Last year, the MTA finally released a mammoth environmental impact assessment, sat through dozens of hours of public testimony, and answered more than 400 technical questions raised by the Biden administration. If the feds approve the plan without a significant, additional environmental review, the MTA can start tolling in the second quarter of 2024, after a group of appointees choose a tolling scheme from a menu of options that range from $9 to $26.

The congestion pricing opponents at Sunday's rally did not have a consistent answer to what exactly they wanted to see happen: Should the legislature repeal state law? Should the federal DOT order a thorough review? 

Queens State Assemblymember David Weprin, who has opposed congestion pricing since Mayor Michael Bloomberg proposed it in 2007, told the crowd he wanted a "moratorium" on congestion tolling until January 1, 2029, "at the earliest." 

Or at least I think he told the crowd this based on a copy of his prepared remarks, because his actual speech was completely drowned out by the counter-protesters. 

"Many of my constituents have no viable transportation options other than driving a car," Weprin said of his district, where census data show that only 4.2 percent of commuters would pay a congestion fee, and where more than 40 percent use mass transit. "There are no exemptions for the disabled, the elderly, or the infirm," Weprin falsely claimed—disabled drivers are explicitly exempt in the state law creating the policy.

A counter-protester had a message for Queens Councilmember Vickie Paladino, who never showed up. (Hell Gate)

Ralph Sutton said he lived in the zone, and personally, didn't want to have to pay more to drive his car. "My family lives on Long Island," he told Hell Gate. "I'd really rather not pay the $20 every time I want to go see my family." Sutton, who works in real estate, also argued that congestion pricing would deter office workers from coming back to Manhattan. "I think New York is at a very critical time right now, where we're trying to get people to come back to work in person to generate more tax revenue for the city," he said.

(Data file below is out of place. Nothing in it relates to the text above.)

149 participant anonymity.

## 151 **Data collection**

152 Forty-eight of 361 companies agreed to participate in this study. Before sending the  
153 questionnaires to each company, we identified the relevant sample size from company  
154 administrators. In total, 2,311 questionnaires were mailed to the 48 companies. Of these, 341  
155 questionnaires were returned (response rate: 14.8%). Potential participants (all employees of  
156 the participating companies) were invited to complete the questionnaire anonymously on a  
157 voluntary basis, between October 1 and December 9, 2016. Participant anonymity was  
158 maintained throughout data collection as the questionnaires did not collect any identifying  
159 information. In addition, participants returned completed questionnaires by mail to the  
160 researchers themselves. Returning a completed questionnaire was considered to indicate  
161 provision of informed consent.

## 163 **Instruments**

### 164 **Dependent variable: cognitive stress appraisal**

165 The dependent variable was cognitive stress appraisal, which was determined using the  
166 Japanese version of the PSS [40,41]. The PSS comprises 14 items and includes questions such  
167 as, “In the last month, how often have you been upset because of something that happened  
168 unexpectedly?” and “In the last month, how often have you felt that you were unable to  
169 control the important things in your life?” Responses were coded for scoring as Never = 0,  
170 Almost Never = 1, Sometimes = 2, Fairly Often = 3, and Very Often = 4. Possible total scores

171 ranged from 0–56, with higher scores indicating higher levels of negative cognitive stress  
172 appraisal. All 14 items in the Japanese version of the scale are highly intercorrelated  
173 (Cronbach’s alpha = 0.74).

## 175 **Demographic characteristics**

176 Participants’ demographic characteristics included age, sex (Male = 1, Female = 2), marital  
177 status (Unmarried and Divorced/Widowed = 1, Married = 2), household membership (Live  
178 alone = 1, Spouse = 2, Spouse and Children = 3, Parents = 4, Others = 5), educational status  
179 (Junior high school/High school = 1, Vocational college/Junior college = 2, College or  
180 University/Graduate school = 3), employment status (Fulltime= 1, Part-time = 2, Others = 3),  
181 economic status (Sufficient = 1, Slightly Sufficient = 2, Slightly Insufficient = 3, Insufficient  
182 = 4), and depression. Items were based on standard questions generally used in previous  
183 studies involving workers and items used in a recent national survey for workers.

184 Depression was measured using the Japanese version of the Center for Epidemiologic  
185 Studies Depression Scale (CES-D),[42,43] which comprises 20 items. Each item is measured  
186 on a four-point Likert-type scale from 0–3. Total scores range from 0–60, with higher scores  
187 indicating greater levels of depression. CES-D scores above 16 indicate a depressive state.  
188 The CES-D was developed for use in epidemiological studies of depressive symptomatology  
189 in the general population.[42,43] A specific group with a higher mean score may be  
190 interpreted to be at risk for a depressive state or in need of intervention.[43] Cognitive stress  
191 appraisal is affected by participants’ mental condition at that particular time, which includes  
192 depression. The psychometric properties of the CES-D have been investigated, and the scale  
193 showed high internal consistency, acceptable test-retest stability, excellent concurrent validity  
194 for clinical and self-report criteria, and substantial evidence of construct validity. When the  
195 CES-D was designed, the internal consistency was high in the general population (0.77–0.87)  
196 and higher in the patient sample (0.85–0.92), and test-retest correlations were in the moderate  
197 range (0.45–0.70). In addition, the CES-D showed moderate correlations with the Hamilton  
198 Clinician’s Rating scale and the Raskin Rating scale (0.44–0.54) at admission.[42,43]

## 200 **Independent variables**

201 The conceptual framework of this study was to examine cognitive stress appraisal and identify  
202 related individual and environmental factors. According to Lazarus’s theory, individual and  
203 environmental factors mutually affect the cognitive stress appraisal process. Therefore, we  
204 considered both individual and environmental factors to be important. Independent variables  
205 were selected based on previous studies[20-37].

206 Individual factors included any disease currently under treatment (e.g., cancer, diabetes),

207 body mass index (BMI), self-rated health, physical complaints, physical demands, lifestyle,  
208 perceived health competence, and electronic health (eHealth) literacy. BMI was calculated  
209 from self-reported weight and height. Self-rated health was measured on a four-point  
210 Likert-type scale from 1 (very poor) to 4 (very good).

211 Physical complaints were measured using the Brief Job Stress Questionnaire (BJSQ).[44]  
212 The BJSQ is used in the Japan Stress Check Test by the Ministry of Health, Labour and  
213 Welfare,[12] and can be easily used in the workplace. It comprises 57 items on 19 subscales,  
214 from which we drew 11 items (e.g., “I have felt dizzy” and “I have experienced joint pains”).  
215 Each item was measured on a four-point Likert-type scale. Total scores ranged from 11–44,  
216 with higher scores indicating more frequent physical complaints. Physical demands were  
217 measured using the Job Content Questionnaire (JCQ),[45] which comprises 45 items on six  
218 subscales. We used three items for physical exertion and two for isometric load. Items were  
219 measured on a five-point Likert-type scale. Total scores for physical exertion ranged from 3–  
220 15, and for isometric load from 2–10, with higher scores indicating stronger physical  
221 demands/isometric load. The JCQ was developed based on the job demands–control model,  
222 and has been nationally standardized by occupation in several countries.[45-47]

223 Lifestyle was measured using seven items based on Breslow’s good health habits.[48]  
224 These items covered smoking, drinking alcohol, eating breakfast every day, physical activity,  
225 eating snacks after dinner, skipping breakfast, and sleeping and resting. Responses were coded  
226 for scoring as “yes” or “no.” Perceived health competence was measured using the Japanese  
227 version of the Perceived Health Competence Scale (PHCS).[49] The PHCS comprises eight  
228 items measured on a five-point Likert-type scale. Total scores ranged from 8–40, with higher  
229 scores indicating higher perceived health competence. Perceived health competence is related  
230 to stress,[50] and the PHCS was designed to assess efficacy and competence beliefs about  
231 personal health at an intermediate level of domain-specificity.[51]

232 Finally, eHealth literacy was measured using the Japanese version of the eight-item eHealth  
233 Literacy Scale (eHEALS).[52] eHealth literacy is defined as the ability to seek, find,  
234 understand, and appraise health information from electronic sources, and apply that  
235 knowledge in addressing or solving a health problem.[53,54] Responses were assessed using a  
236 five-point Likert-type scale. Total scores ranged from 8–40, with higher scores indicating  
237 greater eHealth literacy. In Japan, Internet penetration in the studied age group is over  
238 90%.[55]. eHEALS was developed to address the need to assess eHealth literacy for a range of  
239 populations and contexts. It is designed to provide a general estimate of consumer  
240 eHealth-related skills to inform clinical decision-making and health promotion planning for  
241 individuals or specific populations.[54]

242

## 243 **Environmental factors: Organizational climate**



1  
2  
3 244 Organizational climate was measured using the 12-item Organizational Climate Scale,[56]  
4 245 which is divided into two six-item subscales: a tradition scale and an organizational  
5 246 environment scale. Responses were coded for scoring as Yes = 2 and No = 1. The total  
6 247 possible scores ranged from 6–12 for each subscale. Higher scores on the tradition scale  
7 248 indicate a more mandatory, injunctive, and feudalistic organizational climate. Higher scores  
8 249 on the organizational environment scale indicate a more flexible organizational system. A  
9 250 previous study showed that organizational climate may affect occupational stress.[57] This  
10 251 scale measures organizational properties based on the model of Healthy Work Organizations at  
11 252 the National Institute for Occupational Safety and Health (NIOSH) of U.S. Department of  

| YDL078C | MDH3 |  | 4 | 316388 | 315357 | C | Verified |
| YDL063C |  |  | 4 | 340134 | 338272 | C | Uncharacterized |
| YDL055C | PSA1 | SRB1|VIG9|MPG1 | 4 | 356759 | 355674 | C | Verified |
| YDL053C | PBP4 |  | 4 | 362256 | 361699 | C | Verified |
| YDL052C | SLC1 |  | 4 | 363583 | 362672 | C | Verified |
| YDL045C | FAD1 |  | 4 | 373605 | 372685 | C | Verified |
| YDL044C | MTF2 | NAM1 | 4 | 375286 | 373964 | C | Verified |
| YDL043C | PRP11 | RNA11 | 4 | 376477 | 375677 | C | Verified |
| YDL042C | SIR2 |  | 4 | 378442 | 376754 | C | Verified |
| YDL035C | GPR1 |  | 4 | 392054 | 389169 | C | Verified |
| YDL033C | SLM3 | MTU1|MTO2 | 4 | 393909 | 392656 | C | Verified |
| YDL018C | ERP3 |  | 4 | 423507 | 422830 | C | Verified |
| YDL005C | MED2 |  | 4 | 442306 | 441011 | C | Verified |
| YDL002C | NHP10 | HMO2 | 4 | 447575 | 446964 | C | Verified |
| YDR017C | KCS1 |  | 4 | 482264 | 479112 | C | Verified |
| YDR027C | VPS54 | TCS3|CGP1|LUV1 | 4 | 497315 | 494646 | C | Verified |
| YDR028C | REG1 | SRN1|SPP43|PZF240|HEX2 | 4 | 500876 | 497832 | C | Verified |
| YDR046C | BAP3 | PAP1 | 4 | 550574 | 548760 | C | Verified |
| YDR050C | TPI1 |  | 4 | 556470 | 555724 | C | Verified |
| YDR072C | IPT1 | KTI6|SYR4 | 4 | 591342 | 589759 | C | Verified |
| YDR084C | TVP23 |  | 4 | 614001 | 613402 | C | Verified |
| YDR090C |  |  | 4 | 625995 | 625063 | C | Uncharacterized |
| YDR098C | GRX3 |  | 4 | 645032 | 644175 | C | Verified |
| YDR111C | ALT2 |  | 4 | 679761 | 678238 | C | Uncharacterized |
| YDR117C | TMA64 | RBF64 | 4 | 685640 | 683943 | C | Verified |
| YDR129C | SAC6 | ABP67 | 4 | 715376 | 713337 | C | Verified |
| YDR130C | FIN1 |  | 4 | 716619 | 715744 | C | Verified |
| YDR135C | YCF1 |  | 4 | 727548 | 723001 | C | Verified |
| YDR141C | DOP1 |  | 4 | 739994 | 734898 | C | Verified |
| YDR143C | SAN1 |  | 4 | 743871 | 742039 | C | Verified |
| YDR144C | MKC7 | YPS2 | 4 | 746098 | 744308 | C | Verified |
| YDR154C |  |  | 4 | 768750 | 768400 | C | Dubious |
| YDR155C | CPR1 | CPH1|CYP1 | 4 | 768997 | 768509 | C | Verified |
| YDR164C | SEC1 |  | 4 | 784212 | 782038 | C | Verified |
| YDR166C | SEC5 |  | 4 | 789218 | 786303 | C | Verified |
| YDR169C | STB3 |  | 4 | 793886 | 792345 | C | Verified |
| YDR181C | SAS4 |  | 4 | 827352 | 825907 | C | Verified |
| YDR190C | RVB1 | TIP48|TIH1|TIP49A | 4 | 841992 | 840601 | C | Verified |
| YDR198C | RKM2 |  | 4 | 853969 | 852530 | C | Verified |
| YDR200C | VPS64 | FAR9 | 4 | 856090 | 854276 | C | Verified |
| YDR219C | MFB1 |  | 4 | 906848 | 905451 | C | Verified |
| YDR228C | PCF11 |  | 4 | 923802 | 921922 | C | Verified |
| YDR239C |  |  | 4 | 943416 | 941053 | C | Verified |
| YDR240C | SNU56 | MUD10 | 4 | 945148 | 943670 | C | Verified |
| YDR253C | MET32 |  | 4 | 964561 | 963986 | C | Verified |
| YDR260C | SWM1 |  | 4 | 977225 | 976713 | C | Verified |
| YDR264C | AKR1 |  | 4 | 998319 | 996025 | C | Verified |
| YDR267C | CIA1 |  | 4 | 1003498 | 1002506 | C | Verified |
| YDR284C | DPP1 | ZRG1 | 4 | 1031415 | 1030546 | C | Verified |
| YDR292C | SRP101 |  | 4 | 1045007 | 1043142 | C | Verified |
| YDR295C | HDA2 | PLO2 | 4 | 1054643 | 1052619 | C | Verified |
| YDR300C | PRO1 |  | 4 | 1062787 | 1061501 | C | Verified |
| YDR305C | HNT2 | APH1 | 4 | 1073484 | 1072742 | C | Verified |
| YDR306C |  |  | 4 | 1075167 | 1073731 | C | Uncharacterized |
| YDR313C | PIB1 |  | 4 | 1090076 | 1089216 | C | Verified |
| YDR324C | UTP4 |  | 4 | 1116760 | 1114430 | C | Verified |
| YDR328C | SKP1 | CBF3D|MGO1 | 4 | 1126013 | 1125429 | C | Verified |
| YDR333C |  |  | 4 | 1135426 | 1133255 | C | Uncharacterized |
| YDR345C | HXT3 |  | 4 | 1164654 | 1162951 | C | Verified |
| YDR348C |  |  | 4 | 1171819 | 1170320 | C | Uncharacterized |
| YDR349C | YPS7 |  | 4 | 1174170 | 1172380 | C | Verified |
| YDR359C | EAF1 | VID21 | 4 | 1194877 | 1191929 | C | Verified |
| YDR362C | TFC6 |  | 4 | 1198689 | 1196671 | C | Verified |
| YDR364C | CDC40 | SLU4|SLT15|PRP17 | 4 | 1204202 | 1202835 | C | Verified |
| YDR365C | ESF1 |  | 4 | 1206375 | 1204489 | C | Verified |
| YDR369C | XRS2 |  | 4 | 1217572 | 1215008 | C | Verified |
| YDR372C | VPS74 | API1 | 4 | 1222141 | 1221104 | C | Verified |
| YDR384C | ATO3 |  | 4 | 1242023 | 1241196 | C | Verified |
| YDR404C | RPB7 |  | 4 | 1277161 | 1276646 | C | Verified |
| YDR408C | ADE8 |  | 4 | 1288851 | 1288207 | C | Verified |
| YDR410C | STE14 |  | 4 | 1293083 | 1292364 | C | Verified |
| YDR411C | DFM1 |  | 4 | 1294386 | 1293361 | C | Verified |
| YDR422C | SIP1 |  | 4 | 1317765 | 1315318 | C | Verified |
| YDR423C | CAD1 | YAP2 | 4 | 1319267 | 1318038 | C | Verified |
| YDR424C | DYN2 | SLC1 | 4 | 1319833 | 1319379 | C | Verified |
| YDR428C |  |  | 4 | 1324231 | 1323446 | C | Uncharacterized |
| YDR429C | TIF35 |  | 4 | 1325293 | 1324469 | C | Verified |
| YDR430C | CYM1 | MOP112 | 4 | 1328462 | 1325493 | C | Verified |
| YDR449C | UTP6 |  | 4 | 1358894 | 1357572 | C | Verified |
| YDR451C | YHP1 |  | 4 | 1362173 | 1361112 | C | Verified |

What about the 75 percent of New Yorkers who don't drive to work, especially not into Manhattan below 60th Street? "Then what are we taxing?" Sutton asked. "We want no cars in Manhattan anymore?"

"This is not a tax for congestion. This is a tax for the MTA. This is a bailout of the MTA, which is one of the most mismanaged organizations in Albany," said opponent Glen Cosman, bringing up a common refrain at the rally. 

Cosman had an idea for a congestion pricing replacement: "You could throw $1 more on every parking ticket. There's millions of parking tickets. Throw a dollar on that." (Outstanding parking tickets currently owed to New York City total some $500 million.)

Others at the rally were less, shall we say, solutions-oriented.

"This is really about a kind of despotic mentality, that really is impinging upon people who don't have a voice," Sandy Reiburn, a notable opponent of affordable housing in Brooklyn told me, after referring to Streetsblog as "the Proud Boys of the biker bros." 

After about an hour, over which the counter-protesters maintained a consistent dull roar, both groups dispersed ("I think they did that to intimidate us," one of the anti-congestion pricing members glumly remarked afterwards). Across 59th Street, a veterinarian named Trevor was picking up the poop made by a giant white fluffy poodle mix named Maverick. Trevor said he lived in the East 50's, doesn't own a car, and hadn't heard of congestion pricing, though he said he wasn't worried about it. 

"I would never drive a car in Manhattan," he explained. "I think it's a total waste of time when public transportation is there. It's such an American idealized sort of tradition to have your own car to be free, but we just really need to invest in public transport."

An earlier version of this story identified Mark Weprin when we actually meant to name his brother, David.